The Visit Of A Lifetime

Having come to Jersey for a year, a Dublin couple ended up putting down roots.

Desmond as grand marshal of the 2009 Morris County St. Patrick’s Day Parade.

In 1957, Desmond Lloyd, then 17, seeing little opportunity in his native Dublin, joined the English Merchant Navy. For the next four years, he waited on tables in the elegant dining rooms of passenger liners including the Queen Elizabeth and the Queen Mary. His ships made port in far-flung places like Hong Kong, New Zealand, San Francisco, and New York. It was New York that most impressed him with “the opportunities of working and living in this great country.”

When he returned to Dublin, he met a lovely local girl, Alice Duffy, at Clery’s, a popular dance hall. “Oh, he definitely pursued me, 100 percent,” says Alice. That was necessary, Desmond explains, because “she played a little hard to get. Yes,” he adds with a wink, “she still plays hard to get.”

But even Alice admits his globetrotting tales impressed her. As they grew closer, he shared with her his American dream. Alice and Desmond, each from large families, were rooted in Dublin and weren’t sure they wanted to break away. So in their fervid discussion, a plan took shape to sock away money for a future together by coming to the States for just one year. The idea of a limited duration put to rest any jitters of their own, and it seemed the best bet for convincing Alice’s father, Patrick Duffy, to give his blessing.

“My father was very strict, too strict, really, but my parents really liked Des an awful lot,” says Alice. In the end, says Desmond, “her parents trusted me, and we had great respect for each other.”

Their 1963 journey to the United States by airplane differed greatly from the waves of Irish immigrants who, huddled in the holds of crowded ships, had preceded them during the potato famine in the nineteenth century. In Dublin, Alice recalls, “the whole family came to the airport, and we had a big hooley. You know the Irish—even though it’s a sad time saying goodbye, it’s still a big party.”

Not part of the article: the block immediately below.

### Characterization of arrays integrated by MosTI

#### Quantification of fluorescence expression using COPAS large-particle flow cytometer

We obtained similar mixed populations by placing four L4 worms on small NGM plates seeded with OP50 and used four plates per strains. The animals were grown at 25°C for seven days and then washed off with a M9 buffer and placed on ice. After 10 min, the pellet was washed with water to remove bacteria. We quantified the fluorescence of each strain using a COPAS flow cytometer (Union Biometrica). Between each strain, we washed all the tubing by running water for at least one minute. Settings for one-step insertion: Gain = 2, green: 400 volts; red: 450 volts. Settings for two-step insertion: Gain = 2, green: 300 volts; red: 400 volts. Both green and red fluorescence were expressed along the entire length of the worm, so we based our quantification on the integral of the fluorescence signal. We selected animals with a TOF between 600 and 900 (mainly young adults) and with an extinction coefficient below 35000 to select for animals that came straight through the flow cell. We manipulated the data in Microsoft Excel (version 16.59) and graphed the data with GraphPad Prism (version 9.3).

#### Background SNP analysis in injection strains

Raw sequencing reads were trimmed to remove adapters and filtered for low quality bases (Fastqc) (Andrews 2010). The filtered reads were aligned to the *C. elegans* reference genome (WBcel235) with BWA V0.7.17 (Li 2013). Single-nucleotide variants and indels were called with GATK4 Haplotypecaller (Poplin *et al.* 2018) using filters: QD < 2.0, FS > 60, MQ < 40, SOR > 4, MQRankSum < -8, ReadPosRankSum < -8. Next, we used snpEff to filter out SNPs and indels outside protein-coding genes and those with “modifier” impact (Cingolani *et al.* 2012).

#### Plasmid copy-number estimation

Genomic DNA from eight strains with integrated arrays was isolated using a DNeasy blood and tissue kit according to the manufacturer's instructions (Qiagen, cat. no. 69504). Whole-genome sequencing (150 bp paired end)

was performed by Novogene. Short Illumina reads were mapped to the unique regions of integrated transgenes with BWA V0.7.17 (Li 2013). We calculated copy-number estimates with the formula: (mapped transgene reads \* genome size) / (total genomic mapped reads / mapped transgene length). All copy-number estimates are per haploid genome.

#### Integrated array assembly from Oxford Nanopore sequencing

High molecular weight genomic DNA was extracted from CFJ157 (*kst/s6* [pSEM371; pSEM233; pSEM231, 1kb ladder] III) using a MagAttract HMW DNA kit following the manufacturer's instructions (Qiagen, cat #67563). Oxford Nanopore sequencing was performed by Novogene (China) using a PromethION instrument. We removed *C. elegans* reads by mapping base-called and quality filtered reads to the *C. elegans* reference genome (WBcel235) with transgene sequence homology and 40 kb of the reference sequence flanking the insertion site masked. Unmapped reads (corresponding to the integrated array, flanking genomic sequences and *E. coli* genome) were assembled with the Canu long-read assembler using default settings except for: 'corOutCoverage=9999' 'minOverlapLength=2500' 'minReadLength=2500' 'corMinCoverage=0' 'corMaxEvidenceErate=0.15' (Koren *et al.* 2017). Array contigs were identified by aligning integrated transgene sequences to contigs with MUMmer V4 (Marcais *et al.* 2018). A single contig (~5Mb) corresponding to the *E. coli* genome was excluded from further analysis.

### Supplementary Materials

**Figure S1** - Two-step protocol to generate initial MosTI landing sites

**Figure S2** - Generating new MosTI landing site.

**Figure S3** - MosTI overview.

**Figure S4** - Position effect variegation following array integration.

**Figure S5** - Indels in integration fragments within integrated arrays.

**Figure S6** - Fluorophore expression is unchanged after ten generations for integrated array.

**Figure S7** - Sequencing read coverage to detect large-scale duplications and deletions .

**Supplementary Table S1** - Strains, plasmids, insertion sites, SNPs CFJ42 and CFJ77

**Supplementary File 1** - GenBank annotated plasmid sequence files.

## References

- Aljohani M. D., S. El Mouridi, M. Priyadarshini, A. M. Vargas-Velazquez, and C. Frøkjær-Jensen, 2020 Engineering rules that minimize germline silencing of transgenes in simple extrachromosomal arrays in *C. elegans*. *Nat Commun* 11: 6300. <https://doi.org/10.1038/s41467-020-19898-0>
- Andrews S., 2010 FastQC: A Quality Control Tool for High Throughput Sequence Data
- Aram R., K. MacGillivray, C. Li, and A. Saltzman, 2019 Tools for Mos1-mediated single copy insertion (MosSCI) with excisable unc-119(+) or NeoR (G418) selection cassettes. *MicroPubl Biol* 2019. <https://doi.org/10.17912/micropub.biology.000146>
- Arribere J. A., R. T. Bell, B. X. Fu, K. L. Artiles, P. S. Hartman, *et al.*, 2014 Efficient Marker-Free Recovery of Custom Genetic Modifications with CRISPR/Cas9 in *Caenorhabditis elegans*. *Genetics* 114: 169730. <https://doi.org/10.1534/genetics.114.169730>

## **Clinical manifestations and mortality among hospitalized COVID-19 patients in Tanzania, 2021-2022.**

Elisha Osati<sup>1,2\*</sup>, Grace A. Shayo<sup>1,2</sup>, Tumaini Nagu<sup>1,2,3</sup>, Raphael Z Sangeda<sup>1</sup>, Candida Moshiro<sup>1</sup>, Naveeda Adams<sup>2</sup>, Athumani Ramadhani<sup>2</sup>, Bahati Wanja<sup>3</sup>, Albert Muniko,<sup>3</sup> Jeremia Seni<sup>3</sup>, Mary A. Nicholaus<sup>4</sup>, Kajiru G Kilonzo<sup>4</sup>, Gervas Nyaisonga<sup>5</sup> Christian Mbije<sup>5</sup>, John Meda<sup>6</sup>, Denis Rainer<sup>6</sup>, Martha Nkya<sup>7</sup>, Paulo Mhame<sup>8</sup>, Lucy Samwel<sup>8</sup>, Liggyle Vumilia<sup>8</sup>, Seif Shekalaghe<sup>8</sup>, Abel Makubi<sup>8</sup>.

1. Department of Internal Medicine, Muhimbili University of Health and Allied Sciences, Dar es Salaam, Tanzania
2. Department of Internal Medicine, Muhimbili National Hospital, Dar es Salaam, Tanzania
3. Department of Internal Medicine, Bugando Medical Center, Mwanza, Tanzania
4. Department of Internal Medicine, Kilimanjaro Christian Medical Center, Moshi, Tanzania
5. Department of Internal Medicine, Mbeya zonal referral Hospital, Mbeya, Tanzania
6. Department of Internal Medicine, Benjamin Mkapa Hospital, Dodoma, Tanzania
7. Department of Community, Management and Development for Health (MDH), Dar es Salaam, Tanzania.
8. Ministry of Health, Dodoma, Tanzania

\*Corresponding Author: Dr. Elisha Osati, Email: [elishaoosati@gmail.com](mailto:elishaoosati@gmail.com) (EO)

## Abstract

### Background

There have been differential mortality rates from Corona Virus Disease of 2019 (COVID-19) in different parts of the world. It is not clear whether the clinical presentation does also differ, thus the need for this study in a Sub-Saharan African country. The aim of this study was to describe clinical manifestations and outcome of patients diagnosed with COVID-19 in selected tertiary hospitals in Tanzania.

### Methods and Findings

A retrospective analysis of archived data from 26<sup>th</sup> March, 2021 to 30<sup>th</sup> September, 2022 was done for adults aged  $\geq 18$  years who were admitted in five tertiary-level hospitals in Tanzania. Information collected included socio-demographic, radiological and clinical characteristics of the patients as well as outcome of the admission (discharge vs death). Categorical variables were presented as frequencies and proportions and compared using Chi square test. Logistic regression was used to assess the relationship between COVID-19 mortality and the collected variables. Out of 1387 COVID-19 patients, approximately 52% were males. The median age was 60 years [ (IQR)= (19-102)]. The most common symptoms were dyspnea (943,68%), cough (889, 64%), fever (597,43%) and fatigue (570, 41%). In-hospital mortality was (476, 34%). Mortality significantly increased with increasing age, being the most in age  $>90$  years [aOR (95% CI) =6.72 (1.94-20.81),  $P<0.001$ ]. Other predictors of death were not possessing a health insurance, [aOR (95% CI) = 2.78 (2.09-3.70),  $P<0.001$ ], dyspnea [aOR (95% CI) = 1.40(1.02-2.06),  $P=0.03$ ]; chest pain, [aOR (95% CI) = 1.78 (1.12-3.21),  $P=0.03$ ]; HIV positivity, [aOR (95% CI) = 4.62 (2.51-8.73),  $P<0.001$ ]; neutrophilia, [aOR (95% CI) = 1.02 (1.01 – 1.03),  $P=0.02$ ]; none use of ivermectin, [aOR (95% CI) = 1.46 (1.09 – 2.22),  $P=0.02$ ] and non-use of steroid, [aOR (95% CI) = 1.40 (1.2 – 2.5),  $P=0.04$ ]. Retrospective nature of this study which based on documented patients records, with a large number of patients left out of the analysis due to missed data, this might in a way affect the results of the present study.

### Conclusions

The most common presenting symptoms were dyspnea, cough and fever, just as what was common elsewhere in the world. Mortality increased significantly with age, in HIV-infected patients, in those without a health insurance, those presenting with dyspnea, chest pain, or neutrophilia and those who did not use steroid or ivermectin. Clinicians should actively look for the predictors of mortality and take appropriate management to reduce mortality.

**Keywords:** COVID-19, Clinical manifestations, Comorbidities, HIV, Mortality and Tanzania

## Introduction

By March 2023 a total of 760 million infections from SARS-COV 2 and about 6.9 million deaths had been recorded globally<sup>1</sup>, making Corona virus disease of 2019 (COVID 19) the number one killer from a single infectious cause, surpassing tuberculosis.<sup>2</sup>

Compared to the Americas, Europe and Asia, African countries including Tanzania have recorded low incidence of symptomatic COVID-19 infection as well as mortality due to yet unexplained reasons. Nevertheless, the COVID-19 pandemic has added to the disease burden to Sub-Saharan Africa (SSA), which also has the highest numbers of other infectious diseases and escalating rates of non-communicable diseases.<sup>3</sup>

The couple’s reception in America contrasted with the “Irish Need Not Apply” signs that had greeted the earlier generations of Irish immigrants. Desmond, who had worked at several of Dublin’s top restaurants before shipping out, soon found work at Rod’s Ranch House restaurant in Morristown. Alice took a job with the Morristown Trust Company. “We were very fortunate,” says Desmond. “We felt this was a wonderful place to live.”

Within four months Desmond proposed, and the pair were wed in the summer of 1964 at St. Vincent’s Church in Madison. Their parents came stateside for the wedding, and Alice says her father “was mesmerized with the United States. We took him to a Yankee game, and he thought it was all his birthdays rolled in one. He actually encouraged us to stay longer than the year.

“At that point,” she continues, “we still had a little bit of Ireland in our hearts. We always will. But we thought, now our heart is really in America.”

Now their children—Allison, William, Desmond Jr., and Michael—are in their 30s and 40s and all live and work in Morris County. Desmond, 69, and Alice, 68, have five grandchildren. On Sundays, Desmond will often cook an Irish supper that may include corned beef and cabbage and potatoes, and bird’s custard or Irish pudding for dessert.

Desmond and Alice own the award-winning Grand Café in Morristown, a three-story classic French restaurant that opened in 1981. A French restaurant? Shouldn’t a lad and lass from the Emerald Isle be running a pub?

“I trained in French restaurants throughout Europe,” responds Desmond. “I felt there was a market in Morristown for a fine, first-class restaurant. That’s what Alice and I set out to accomplish, and so far, so good. Twenty-nine years later, we’re still here. They haven’t found us out yet.”

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